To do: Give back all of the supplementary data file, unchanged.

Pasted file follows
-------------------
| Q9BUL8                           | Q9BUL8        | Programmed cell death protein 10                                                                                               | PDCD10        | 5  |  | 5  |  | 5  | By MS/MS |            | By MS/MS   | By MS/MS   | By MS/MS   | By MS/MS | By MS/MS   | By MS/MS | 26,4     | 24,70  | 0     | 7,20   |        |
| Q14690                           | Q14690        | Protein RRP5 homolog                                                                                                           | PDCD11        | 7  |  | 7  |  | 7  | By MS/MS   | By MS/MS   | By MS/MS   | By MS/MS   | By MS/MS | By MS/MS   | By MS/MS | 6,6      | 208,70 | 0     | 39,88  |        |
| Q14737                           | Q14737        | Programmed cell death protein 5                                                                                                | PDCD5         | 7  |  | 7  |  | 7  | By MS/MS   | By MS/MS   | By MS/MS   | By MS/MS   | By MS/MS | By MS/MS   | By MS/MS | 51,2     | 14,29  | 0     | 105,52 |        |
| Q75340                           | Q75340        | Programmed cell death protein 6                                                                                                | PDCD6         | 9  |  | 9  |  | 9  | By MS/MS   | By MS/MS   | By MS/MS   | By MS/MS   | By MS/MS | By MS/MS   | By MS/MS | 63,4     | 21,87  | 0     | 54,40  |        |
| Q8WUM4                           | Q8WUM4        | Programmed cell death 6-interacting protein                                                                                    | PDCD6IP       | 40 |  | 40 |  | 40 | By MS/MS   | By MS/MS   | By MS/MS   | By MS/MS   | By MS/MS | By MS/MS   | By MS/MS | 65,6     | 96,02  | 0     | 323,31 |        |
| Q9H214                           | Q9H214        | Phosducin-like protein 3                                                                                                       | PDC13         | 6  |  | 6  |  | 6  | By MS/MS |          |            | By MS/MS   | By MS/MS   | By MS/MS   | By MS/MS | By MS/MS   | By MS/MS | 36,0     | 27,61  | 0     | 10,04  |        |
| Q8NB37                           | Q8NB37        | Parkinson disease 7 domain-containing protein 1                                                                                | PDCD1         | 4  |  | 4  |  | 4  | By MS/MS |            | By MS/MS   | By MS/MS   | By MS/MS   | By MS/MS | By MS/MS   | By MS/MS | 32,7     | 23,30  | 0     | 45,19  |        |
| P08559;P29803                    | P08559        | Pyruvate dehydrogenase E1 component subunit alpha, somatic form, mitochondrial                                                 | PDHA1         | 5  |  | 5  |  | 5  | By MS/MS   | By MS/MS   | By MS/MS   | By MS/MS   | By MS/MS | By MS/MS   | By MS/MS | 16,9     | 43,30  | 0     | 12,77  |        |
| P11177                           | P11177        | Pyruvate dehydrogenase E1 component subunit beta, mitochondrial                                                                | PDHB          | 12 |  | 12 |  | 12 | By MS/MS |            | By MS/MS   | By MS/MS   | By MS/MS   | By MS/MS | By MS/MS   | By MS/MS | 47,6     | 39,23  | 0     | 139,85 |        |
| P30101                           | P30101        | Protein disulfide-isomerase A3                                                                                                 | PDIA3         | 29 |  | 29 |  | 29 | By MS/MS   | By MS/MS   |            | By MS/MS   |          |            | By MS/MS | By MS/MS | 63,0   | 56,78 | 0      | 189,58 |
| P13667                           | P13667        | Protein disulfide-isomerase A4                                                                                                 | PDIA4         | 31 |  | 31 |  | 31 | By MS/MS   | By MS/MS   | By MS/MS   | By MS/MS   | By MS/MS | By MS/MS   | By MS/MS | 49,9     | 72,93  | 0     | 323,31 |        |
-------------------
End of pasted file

| Q9BUL8                           | Q9BUL8        | Programmed cell death protein 10                                                                                               | PDCD10        | 5  |  | 5  |  | 5  | By MS/MS |            | By MS/MS   | By MS/MS   | By MS/MS   | By MS/MS | By MS/MS   | By MS/MS | 26,4     | 24,70  | 0     | 7,20   |        |
| Q14690                           | Q14690        | Protein RRP5 homolog                                                                                                           | PDCD11        | 7  |  | 7  |  | 7  | By MS/MS   | By MS/MS   | By MS/MS   | By MS/MS   | By MS/MS | By MS/MS   | By MS/MS | 6,6      | 208,70 | 0     | 39,88  |        |
| Q14737                           | Q14737        | Programmed cell death protein 5                                                                                                | PDCD5         | 7  |  | 7  |  | 7  | By MS/MS   | By MS/MS   | By MS/MS   | By MS/MS   | By MS/MS | By MS/MS   | By MS/MS | 51,2     | 14,29  | 0     | 105,52 |        |
| Q75340                           | Q75340        | Programmed cell death protein 6                                                                                                | PDCD6         | 9  |  | 9  |  | 9  | By MS/MS   | By MS/MS   | By MS/MS   | By MS/MS   | By MS/MS | By MS/MS   | By MS/MS | 63,4     | 21,87  | 0     | 54,40  |        |
| Q8WUM4                           | Q8WUM4        | Programmed cell death 6-interacting protein                                                                                    | PDCD6IP       | 40 |  | 40 |  | 40 | By MS/MS   | By MS/MS   | By MS/MS   | By MS/MS   | By MS/MS | By MS/MS   | By MS/MS | 65,6     | 96,02  | 0     | 323,31 |        |
| Q9H214                           | Q9H214        | Phosducin-like protein 3                                                                                                       | PDC13         | 6  |  | 6  |  | 6  | By MS/MS |          |            | By MS/MS   | By MS/MS   | By MS/MS   | By MS/MS | By MS/MS   | By MS/MS | 36,0     | 27,61  | 0     | 10,04  |        |
| Q8NB37                           | Q8NB37        | Parkinson disease 7 domain-containing protein 1                                                                                | PDCD1         | 4  |  | 4  |  | 4  | By MS/MS |            | By MS/MS   | By MS/MS   | By MS/MS   | By MS/MS | By MS/MS   | By MS/MS | 32,7     | 23,30  | 0     | 45,19  |        |
| P08559;P29803                    | P08559        | Pyruvate dehydrogenase E1 component subunit alpha, somatic form, mitochondrial                                                 | PDHA1         | 5  |  | 5  |  | 5  | By MS/MS   | By MS/MS   | By MS/MS   | By MS/MS   | By MS/MS | By MS/MS   | By MS/MS | 16,9     | 43,30  | 0     | 12,77  |        |
| P11177                           | P11177        | Pyruvate dehydrogenase E1 component subunit beta, mitochondrial                                                                | PDHB          | 12 |  | 12 |  | 12 | By MS/MS |            | By MS/MS   | By MS/MS   | By MS/MS   | By MS/MS | By MS/MS   | By MS/MS | 47,6     | 39,23  | 0     | 139,85 |        |
| P30101                           | P30101        | Protein disulfide-isomerase A3                                                                                                 | PDIA3         | 29 |  | 29 |  | 29 | By MS/MS   | By MS/MS   |            | By MS/MS   |          |            | By MS/MS | By MS/MS | 63,0   | 56,78 | 0      | 189,58 |
| P13667                           | P13667        | Protein disulfide-isomerase A4                                                                                                 | PDIA4         | 31 |  | 31 |  | 31 | By MS/MS   | By MS/MS   | By MS/MS   | By MS/MS   | By MS/MS | By MS/MS   | By MS/MS | 49,9     | 72,93  | 0     | 323,31 |        |